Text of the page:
Performed Friday, February 24, 2017
Marguerite Hemmings and Collaborators
New York, NY
It feels a little strange to write a recap of Marguerite Hemmings’ we free at Gibney Dance. It’s like reviewing a party––you just had to be there. Artists and critics have argued over the viewer-performer relationship ad nauseam, but Hemmings and her collaborators have taken things one step further, blurring the line between practiced performance and joyous fête.
The work began in Gibney’s upstairs gallery space, where Flamenco dancer and musician Arielle Rosales initiated audience members into the show’s community. As she coached the circle of attendees into finding a group rhythm of claps, stomps, and vocalizations, the expectation was clear: if she could bring her entire spirit to this space tonight, so could you. Rosales led her chorus downstairs, where Hemmings and her collaborators were already in motion. The four dancers––Hemmings, Italy Welton, Courtney Cook, and Jessica Phoenix––circled each other in the center of the room with movements from street and social dance styles while dancehall beats played from DJ BLKWYNTR’s mixing table, backed by Solo Woods’s guitar.
Though the audience is initially seated outside the dancers’ central huddle, Hemmings wasted no time in removing any sense of separation. Before long, she had the audience on their feet, strutting their stuff down a Soul Train line. As the first couple embarked, she gave a simple direction: When it is your turn, your job is to be seen. Cheering, clapping, and scatting soon filled the room, as the witnesses urged on their fellow audience members-turned-performers. As several people noted in the talk-back after the performance, this was their joy, celebration, and liberation embodied.
Ironically, in many other spaces, this type of movement would not be freeing. America has a rich history of scrutinizing, criticizing, and policing Black bodies in motion. Where I grew up in the Midwest, kids got kicked out of school dances for whining or twerking. In we free, these moves are vehicles for the dancers’ virtuosity. In the compact performance space, we see the sweat that comes from getting low, bending back, and popping fast. They make us want to get up and dance, and we do. By cultivating this urge, Hemmings breaks the traditional viewer-performer relationship that relies upon the passive consumption of bodies. She negates the sexualizing gaze. Here, the body isn’t just celebrated, it’s the celebration.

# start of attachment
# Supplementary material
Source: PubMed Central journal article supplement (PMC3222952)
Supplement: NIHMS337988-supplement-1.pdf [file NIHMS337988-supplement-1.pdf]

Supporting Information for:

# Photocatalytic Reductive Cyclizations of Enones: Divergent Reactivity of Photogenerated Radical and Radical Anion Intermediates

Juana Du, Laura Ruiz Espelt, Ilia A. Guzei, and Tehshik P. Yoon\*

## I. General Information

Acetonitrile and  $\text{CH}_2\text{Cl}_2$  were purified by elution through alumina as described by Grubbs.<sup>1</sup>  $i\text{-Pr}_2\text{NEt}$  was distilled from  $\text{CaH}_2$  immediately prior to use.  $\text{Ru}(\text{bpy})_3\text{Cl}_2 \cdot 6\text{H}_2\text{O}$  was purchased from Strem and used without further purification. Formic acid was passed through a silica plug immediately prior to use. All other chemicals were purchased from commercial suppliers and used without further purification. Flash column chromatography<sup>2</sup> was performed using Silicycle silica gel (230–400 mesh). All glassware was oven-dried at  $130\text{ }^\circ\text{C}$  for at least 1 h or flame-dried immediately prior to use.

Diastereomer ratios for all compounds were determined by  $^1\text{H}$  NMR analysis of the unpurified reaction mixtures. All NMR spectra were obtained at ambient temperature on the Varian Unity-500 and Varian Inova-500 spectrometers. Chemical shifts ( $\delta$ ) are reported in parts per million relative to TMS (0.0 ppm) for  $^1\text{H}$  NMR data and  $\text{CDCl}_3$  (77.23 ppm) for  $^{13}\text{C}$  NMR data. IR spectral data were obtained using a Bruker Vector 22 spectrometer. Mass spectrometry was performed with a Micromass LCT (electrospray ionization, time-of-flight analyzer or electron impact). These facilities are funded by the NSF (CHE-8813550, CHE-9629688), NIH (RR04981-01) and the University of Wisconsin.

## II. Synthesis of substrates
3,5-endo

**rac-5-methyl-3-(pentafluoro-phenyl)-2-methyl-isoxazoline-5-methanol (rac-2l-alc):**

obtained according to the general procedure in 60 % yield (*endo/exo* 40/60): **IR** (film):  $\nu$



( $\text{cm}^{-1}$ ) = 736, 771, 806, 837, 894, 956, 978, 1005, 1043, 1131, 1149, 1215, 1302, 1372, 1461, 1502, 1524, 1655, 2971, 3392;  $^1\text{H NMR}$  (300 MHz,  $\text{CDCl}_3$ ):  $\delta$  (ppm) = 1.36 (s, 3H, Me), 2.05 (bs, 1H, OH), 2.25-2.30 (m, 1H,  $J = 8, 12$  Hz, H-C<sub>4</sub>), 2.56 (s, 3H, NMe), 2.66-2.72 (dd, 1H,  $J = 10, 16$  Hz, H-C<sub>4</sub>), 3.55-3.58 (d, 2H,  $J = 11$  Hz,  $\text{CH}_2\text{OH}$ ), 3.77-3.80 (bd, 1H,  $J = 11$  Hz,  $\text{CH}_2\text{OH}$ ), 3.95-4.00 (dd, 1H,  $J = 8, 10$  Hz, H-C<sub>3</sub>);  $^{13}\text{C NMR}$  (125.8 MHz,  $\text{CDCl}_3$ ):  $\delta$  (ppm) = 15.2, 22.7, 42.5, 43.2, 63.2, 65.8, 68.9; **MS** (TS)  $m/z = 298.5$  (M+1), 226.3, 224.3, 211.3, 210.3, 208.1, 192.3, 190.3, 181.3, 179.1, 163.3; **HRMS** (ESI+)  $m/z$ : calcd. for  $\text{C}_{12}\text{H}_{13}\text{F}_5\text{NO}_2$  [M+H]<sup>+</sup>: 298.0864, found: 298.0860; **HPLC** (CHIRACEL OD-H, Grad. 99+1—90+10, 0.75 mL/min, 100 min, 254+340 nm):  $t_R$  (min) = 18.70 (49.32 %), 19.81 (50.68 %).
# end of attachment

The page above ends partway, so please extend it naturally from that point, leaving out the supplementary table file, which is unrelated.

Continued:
Early on, before the jubilee really took off, Hemmings asked the audience to watch a video with her. It’s a brief clip of Nina Simone answering the question, “What does freedom mean?” At first, she responds, “It’s just a feeling…You know it when it happens,” before adding, “I’ll tell you what freedom is to me––no fear.” Murmurs of agreement rippled through the audience, as Simone’s words ushered in an unspoken group compact: a commitment to freedom, a rejection of fear, and hope for this feeling to continue after the night ends.